“It is commonly assumed that individualist anarchism and libertarianism are two points along the same road, that we are fellow travelers and, frankly, I feel tremendous goodwill toward many of the people within the LP. But this goodwill does not affect the fact that they and I are on fundamentally different and antagonistic paths. And anarchists who are working within the Party in order to smash the State are fooling themselves. They are donating their time, money, and sanction to the political process with the stated goal of creating yet another politician. Only this time it is a “good” politician–their politician. And where have we heard this before?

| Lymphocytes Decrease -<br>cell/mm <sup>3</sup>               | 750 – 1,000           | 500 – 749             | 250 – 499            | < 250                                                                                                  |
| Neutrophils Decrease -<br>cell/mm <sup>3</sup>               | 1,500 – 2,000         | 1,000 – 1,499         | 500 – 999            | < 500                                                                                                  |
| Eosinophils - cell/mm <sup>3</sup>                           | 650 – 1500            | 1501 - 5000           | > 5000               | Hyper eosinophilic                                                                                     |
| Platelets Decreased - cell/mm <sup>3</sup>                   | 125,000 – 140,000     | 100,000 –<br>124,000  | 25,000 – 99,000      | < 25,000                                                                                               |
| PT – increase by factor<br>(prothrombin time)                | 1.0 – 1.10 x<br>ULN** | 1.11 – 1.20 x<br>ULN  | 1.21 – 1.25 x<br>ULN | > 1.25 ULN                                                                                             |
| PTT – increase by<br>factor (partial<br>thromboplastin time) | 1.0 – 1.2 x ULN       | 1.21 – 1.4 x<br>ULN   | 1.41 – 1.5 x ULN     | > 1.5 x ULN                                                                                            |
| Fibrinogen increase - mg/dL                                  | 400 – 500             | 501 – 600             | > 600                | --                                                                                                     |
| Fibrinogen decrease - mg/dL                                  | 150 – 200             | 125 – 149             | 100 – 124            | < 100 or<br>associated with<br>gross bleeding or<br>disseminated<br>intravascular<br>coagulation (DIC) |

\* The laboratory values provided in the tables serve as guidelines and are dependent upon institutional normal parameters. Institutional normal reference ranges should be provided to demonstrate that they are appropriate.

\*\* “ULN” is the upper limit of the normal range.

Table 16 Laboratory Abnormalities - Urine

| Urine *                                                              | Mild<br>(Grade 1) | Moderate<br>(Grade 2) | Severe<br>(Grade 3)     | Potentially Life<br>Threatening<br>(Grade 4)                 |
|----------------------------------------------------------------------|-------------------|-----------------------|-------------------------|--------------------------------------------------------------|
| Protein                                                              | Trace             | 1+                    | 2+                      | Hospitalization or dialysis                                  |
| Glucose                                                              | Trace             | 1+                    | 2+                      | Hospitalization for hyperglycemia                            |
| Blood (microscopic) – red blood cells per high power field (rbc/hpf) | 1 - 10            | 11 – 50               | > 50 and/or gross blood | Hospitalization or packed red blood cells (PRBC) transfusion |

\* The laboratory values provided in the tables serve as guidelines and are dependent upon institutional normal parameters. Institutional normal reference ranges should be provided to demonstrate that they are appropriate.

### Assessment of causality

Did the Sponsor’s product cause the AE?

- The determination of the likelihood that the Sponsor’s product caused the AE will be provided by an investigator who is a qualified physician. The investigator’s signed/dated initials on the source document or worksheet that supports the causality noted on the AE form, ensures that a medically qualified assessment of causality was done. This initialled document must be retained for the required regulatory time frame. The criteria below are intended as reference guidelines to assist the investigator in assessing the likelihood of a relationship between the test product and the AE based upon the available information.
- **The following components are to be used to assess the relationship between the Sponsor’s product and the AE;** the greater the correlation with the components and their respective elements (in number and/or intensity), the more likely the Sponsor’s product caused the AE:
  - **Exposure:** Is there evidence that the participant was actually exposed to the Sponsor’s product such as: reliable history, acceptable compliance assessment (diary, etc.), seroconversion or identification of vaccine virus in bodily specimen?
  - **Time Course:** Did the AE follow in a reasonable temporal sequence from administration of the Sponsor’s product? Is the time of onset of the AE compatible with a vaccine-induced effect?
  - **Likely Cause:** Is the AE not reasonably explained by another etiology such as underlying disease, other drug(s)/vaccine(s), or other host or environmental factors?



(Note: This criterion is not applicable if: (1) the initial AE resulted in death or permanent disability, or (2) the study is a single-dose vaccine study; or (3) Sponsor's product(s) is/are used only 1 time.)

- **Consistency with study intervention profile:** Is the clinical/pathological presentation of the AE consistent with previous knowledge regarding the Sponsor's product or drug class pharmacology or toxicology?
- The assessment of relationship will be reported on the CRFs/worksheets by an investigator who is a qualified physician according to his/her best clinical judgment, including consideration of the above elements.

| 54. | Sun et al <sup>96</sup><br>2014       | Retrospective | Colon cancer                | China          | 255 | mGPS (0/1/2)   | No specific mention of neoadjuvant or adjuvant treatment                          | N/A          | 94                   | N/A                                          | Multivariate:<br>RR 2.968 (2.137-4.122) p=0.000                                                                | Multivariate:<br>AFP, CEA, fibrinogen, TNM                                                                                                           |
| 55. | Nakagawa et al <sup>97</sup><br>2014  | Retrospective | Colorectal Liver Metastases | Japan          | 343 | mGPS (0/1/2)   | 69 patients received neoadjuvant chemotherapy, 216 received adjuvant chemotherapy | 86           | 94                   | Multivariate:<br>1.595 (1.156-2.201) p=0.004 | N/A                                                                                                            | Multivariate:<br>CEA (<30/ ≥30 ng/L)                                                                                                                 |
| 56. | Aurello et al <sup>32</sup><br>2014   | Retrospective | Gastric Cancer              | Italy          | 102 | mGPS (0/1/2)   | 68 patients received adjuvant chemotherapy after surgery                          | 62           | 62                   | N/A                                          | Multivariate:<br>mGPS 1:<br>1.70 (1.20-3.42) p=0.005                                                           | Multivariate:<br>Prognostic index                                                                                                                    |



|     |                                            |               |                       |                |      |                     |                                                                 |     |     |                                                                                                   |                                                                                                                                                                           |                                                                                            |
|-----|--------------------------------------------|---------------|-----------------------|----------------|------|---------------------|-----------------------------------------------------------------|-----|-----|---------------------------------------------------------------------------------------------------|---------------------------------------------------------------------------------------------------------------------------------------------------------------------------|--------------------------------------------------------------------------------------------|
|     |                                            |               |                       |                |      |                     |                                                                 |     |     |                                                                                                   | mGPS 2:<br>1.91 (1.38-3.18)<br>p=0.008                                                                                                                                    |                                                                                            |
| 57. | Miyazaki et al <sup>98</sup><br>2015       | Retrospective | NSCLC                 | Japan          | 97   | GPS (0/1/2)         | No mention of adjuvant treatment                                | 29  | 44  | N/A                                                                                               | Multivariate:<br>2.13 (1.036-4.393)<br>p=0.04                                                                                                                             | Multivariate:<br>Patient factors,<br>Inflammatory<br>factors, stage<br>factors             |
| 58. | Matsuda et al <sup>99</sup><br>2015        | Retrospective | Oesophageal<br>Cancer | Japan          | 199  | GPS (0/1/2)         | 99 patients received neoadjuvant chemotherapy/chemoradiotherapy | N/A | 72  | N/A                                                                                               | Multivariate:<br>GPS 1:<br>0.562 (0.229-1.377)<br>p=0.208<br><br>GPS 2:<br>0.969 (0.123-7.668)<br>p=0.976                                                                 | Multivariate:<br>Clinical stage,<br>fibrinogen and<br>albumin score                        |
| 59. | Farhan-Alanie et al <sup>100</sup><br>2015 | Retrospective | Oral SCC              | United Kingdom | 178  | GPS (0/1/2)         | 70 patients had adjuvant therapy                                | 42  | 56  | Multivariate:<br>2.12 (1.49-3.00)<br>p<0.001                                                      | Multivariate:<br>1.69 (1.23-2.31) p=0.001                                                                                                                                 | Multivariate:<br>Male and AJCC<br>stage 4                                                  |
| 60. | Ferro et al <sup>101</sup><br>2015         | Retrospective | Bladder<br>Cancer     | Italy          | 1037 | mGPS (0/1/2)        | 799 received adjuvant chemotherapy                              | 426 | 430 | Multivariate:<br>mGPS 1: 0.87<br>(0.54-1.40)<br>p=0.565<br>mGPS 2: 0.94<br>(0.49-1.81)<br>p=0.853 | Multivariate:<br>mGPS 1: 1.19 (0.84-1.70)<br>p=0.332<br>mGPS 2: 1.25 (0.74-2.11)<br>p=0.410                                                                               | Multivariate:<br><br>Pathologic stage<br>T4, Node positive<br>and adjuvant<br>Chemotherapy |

As libertarianism becomes increasingly political, it will become increasingly hostile to individualist anarchism, because anarchism poses as great a threat to the political ambitions of the LP as it does to the conventional defenders of government. I have no intention of amending the slogan “Smash the State” to read “Smash the State Except for the LP.” And if the LP is ever successful they will quickly turn on the anarchists, turn on their supposed fellow travelers. The anarchists will then learn from political libertarians the same lesson that the Russian anarchists learned from the Bolsheviks — we are fellow travelers no more.” Wendy McElroy